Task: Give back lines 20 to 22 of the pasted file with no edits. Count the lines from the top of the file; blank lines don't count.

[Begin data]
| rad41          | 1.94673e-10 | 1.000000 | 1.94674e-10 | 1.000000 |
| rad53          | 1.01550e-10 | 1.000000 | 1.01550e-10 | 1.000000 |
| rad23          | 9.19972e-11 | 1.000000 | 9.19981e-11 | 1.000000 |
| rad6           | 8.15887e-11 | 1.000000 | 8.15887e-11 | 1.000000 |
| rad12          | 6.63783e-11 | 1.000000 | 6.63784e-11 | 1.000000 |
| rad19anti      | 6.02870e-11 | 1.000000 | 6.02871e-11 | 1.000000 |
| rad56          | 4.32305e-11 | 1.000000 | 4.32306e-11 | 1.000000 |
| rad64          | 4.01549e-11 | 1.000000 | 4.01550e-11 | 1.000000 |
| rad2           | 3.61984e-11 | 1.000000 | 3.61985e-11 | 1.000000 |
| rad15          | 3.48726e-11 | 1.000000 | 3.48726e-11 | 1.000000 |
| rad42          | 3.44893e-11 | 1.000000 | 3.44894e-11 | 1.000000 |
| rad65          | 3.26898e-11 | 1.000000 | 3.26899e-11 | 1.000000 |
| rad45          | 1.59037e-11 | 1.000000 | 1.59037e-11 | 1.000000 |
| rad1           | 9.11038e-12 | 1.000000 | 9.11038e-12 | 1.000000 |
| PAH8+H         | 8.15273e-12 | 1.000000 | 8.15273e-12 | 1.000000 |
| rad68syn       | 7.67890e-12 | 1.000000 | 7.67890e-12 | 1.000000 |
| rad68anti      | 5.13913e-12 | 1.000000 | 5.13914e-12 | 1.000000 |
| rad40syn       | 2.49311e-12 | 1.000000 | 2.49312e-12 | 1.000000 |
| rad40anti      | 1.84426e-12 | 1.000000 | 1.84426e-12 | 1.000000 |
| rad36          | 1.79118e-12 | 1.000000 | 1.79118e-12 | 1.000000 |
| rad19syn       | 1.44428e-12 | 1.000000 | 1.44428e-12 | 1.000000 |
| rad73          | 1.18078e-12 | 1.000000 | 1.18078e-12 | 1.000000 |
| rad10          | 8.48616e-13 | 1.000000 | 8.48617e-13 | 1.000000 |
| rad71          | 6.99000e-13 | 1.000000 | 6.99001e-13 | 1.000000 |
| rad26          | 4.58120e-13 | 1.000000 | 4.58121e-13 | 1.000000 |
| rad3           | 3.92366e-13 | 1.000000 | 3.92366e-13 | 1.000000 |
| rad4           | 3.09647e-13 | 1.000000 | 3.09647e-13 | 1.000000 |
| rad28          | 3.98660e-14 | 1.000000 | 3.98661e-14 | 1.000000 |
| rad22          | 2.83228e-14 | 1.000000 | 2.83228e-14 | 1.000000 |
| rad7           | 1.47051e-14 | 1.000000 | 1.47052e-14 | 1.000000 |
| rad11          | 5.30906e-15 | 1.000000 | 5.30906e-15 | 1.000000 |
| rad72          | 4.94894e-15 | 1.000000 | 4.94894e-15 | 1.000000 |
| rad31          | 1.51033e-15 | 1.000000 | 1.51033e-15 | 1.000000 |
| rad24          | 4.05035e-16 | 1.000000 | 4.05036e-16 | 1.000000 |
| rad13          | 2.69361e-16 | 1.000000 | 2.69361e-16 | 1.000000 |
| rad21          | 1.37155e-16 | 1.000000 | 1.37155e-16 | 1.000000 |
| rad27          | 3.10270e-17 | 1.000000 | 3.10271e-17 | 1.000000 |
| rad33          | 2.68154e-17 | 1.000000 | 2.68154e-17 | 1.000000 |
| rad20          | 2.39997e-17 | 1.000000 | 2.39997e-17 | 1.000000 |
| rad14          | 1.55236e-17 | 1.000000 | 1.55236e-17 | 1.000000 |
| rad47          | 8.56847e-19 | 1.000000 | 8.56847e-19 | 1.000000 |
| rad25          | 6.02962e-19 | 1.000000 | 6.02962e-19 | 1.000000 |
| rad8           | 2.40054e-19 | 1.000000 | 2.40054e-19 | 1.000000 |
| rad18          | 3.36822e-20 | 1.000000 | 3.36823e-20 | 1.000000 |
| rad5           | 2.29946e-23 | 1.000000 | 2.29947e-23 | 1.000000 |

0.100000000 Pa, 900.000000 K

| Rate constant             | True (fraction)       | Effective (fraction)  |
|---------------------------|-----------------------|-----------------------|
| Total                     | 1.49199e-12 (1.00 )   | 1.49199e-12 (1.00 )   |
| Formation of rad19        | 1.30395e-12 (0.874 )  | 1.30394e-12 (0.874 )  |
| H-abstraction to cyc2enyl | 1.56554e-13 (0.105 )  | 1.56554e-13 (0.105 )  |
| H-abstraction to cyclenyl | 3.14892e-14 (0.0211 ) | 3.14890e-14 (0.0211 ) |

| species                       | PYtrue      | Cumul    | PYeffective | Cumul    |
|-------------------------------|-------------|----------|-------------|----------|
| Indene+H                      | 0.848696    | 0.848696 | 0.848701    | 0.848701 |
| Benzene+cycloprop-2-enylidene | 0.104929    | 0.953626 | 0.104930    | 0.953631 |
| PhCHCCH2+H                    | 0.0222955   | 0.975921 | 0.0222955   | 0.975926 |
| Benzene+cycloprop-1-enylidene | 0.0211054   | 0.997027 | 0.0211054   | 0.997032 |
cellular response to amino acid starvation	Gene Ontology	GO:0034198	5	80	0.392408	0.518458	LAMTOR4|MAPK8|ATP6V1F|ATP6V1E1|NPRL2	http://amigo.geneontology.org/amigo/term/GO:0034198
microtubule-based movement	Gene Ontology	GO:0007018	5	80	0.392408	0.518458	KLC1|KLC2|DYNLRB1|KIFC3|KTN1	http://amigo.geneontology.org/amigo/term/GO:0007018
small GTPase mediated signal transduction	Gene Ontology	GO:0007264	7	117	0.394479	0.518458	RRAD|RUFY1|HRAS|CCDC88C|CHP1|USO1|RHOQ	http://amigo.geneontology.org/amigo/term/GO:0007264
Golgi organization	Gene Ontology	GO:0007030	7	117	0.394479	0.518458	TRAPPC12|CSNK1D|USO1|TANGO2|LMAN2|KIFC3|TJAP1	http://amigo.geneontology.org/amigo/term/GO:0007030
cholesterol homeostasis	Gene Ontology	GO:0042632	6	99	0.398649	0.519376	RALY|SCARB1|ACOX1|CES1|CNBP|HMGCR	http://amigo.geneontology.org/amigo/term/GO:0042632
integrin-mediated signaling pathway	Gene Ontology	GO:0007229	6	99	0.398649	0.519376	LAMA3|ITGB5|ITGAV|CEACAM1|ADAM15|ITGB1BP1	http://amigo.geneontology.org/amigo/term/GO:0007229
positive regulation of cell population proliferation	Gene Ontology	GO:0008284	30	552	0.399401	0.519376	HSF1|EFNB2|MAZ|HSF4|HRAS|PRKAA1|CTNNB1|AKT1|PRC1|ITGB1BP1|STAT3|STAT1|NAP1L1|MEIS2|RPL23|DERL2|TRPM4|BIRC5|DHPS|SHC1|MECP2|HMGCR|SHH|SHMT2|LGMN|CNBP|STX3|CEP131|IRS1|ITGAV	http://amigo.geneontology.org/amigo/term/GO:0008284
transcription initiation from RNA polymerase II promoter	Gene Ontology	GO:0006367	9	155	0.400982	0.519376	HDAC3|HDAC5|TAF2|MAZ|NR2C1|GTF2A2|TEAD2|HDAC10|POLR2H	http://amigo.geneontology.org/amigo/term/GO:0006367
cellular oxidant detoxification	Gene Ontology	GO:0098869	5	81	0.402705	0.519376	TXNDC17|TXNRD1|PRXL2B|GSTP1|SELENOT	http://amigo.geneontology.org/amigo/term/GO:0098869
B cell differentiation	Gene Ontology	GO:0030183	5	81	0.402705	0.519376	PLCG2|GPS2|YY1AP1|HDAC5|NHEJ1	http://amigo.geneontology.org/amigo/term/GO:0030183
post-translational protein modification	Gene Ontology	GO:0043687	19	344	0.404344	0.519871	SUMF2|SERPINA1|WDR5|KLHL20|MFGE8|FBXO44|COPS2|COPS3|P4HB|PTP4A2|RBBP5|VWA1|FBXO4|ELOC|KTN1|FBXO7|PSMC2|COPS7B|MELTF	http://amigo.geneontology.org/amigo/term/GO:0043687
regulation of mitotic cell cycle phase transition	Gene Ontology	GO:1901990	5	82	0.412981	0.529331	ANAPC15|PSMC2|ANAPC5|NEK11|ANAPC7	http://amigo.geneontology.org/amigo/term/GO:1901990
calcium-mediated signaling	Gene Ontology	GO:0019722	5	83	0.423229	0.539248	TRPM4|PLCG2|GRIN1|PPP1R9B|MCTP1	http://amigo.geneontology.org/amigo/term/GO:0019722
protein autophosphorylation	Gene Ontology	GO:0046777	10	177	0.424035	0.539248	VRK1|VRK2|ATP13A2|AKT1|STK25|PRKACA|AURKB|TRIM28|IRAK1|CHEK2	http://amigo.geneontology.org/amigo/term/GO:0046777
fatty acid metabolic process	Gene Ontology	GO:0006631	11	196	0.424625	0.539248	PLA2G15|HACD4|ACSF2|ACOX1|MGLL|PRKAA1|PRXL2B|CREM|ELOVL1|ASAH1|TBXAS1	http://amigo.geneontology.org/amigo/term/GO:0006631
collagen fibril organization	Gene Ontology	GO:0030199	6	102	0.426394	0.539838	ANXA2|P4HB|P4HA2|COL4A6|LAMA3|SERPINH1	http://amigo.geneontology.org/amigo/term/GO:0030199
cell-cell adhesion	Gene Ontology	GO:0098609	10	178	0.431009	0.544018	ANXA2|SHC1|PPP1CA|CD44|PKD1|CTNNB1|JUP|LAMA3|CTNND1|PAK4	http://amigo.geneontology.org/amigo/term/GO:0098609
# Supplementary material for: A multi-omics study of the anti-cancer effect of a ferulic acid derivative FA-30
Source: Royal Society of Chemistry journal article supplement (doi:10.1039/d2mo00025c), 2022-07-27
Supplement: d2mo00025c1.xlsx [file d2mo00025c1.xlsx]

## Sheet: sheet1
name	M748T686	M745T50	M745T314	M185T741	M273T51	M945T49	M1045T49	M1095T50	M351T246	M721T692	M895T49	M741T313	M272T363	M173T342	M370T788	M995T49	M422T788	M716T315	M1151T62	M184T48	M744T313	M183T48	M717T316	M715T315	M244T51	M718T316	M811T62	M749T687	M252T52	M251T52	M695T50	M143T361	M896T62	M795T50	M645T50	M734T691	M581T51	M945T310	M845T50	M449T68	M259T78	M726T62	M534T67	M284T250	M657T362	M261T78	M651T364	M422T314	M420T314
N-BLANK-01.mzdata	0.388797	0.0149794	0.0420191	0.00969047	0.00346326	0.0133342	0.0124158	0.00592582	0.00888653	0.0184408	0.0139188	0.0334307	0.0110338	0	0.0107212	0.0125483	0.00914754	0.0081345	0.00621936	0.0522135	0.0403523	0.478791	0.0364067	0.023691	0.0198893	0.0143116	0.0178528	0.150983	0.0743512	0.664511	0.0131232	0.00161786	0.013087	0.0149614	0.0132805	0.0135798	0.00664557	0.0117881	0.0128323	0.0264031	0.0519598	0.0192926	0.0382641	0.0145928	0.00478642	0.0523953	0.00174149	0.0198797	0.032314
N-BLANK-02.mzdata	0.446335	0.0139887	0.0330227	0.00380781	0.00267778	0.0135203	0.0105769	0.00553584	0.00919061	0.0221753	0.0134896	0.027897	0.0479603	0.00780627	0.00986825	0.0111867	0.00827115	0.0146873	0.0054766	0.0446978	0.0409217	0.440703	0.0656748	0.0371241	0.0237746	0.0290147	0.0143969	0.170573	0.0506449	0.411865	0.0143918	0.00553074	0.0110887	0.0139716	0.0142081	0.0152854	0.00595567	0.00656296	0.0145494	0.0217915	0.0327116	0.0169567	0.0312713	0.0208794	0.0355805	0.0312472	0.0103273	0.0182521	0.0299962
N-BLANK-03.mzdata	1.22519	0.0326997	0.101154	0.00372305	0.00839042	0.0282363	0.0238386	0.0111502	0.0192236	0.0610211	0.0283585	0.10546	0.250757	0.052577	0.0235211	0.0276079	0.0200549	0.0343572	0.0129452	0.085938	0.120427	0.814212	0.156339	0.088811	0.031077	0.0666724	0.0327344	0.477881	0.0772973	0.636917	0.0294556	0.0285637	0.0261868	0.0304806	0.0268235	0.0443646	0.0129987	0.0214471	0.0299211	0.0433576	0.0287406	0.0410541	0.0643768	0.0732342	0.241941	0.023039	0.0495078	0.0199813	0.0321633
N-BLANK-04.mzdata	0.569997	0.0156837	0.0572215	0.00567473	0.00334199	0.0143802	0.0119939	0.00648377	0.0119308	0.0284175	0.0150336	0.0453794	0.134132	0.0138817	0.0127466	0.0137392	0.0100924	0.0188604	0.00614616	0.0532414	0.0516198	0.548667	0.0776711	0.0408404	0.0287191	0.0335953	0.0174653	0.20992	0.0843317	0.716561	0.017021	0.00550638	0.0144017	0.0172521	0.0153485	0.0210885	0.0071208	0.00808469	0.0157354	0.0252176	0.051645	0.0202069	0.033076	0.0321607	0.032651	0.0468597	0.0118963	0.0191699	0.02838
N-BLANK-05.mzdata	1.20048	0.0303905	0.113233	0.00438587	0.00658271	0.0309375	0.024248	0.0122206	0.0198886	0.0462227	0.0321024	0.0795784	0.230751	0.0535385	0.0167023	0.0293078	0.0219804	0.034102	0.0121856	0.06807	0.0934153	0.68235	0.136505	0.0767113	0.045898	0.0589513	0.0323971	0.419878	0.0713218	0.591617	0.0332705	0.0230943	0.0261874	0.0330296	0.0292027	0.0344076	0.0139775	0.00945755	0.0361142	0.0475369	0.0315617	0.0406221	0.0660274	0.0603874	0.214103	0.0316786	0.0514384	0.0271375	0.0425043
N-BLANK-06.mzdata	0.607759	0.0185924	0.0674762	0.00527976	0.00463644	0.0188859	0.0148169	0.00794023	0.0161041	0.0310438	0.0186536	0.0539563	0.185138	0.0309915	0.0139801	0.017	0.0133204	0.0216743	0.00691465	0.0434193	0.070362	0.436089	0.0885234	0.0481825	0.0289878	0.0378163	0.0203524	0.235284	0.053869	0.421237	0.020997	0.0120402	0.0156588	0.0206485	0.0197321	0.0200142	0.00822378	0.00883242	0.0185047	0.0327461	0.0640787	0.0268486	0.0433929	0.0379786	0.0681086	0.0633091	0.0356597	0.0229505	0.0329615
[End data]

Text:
| rad36          | 1.79118e-12 | 1.000000 | 1.79118e-12 | 1.000000 |
| rad19syn       | 1.44428e-12 | 1.000000 | 1.44428e-12 | 1.000000 |
| rad73          | 1.18078e-12 | 1.000000 | 1.18078e-12 | 1.000000 |